The second book with similar heritage is “Ragtime in Shimla” by Barbara Cleverly. Set in 1922 Shimla, the Summer Capital of British Raj, the book follows Commander Joe Sandilands who is heading to the hill station in the company of a famous Russian Opera Singer, when he is shot dead. Why would anyone kill a Russian Opera singer in a part of the world, where he had apparently no past acquaintances? Joe Sandilands begins to discover all is not what it seems and just as he seems to have unraveled  a knot, a new one appears! From Shimla to South of France, Joe finds surprising connection between a brutal train accident and the death of not only a famous opera singer, but also a lost heir and a political plot! Now for the review, British Shimla is live and throbbing through the pages of the book – there is the famous Christ Church, the Cecil Hotel and The Mall. There are Residency balls and fashionable shops and rickshaws!  And then there are the majestic Himalayan Mountains – borrowing heavily and acknowledging the sourcing of Rudyard Kipling’s Kim, the author describes the land beautifully with its conifers and pines and lovely houses, which, for all their beauty seemed a higgly piggly motley crew, much to the disgust of Lord Lytton, the architect of New Delhi. The tale in itself is a very good whodunit. Just when you figure out, oh! I knew that all along, a new twist comes along and you are thrown off the rock again. The characters though not really written as multilayered or with depth in some cases, are nevertheless believable – they are neither very good nor very bad, mixture of all that is humane – wanting success, wanting better lives, angry of past actions/injuries, believing in the joy of future.  Very real and very endearing, and even the morally wrong ones are fun. Thank fully there are no justifications for the whys of a fallen woman and no need to expatiate her past of make her sound like a victim, a la “The Kashmir Shawl” style – they are what they and no apologies. There is the clichéd Indian Prince Villain – charming, seductive and crooked! Yawn!! At least, there is not too much time spent on him. Like in the naming of “The Kashmir Shawl”, a minor flaw revels the lack of complete of understanding of the India on the author’s part – the Indian Prince is a Pathan and a Muslim; son of King of a princely state on the North West Frontier Border – the author calls the Prince’s father the “Rajah” which is Hindu epithet and not used by Pathan rulers of the North West Frontier Border – they rather used terms like Shah or Amir.  However the overall book is very good read, for the mystery alone, if not the era. Again your literary endeavors will not be enriched by this book, but some time one reads for fun and this book us great fun!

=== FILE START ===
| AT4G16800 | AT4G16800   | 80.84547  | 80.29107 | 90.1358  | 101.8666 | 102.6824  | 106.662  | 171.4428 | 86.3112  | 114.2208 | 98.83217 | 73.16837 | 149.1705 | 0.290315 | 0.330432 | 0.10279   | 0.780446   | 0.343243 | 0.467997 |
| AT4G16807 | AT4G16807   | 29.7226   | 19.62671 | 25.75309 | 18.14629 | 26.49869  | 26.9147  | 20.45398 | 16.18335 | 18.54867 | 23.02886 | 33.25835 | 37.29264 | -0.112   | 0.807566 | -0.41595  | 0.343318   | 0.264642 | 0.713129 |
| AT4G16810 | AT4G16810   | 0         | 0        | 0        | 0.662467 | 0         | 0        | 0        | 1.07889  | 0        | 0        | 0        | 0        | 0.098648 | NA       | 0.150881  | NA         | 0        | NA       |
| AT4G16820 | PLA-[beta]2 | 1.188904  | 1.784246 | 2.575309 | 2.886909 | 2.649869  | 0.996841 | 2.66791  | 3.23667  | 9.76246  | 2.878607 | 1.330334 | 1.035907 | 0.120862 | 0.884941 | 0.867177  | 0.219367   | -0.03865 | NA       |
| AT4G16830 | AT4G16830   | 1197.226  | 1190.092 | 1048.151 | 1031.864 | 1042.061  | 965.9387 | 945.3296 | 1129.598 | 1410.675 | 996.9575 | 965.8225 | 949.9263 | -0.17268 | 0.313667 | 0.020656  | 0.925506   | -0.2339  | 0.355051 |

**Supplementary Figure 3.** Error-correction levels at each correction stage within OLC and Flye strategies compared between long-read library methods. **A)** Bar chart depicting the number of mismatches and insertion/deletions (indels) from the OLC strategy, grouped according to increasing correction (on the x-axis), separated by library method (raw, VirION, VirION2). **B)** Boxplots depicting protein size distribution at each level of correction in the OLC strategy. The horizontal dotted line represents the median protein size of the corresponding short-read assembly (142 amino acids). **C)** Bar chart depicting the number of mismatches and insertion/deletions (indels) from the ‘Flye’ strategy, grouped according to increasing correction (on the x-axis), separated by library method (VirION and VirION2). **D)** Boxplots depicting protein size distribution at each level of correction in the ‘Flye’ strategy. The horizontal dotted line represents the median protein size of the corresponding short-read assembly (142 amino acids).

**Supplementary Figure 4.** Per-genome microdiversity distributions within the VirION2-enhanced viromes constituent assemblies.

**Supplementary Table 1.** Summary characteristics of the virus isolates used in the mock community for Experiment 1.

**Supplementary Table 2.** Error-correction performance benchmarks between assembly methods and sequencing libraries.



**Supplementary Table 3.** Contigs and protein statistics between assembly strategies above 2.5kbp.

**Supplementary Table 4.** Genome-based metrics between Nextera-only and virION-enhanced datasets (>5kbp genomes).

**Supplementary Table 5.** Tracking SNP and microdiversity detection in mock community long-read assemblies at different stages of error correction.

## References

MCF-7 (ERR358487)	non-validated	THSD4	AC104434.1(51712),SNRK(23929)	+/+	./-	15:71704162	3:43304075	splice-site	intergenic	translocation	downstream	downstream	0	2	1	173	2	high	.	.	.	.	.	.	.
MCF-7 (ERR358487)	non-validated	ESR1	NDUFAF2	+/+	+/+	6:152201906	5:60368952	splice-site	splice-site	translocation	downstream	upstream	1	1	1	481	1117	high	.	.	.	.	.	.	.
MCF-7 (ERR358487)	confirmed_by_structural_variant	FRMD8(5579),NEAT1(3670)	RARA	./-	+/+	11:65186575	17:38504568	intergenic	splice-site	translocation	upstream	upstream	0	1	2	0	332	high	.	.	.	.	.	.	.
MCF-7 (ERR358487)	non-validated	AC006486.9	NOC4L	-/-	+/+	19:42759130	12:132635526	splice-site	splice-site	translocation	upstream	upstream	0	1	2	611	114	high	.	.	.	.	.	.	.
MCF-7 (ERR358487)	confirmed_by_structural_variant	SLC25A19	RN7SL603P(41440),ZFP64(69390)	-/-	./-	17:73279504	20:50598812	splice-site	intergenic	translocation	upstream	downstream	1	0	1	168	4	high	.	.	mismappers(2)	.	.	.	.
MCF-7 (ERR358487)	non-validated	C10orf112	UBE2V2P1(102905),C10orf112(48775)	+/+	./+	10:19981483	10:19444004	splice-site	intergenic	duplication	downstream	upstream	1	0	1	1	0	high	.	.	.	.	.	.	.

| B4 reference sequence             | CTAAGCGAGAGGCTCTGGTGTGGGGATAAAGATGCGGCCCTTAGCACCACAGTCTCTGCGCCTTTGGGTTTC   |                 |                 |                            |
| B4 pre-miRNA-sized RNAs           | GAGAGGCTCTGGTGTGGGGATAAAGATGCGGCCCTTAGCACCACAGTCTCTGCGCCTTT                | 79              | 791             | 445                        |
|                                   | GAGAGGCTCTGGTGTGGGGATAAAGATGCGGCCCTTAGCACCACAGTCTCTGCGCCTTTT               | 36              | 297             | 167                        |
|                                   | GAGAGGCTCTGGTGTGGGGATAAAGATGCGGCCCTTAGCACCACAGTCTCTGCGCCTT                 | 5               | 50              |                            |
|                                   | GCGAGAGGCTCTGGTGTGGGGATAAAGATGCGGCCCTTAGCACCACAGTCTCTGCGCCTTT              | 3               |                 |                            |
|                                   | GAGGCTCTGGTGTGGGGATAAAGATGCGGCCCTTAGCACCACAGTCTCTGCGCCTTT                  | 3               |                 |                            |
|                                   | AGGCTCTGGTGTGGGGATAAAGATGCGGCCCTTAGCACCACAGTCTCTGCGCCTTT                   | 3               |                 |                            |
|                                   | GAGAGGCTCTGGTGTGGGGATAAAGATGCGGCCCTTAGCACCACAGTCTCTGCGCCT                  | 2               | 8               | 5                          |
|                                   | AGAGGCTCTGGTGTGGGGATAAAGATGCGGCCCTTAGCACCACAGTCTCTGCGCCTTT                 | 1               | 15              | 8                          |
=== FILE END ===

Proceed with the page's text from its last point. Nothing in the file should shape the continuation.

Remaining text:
Normans and Murders ….

As part of my 2014 Historical Fiction Reading Challenge, I recently completed two books of two wholly different genres and different times – the only common theme: It’s all about the English….

I begin in a chronological manner, though I read them in reverse order

Wine of Violence by Priscilla Royal: Set in 1270, more than 200 years after Normans have conquered the Saxon England, tensions between the two groups still run deep. On the East Anglian cost, the Priory of Tyndal, sits amidst this uneasy peace and prepares itself to receive the extremely new, extremely young and extremely inexperienced Eleanor of Wynethope as the new Prioress. The fact that she has obtained this position as reward for staying loyal to King Henry III is not lost on the young Prioress, but she is determined to succeed and use all her intellect and her learnings from her aunt, the Prioress of Amesbury. However as she starts to realize that the Priory is not only in dire financial straits but is also severely mismanaged and duties are given not basis skills but rather per the need of teaching “humility” to its denizen.  Before she is able to resolve the strained circumstances of the Priory, the place is rocked by two brutal murders and an attempt at a third. Together with the help of sub infirmarian Sister Anne and the newly inducted Brother Thomas who is the confessor of the Sisters of the Priory and Ralf, the King’s Coroner, Eleanor of Wynethope, must quickly track down the murder before an innocent man is hung for a crime he never committed.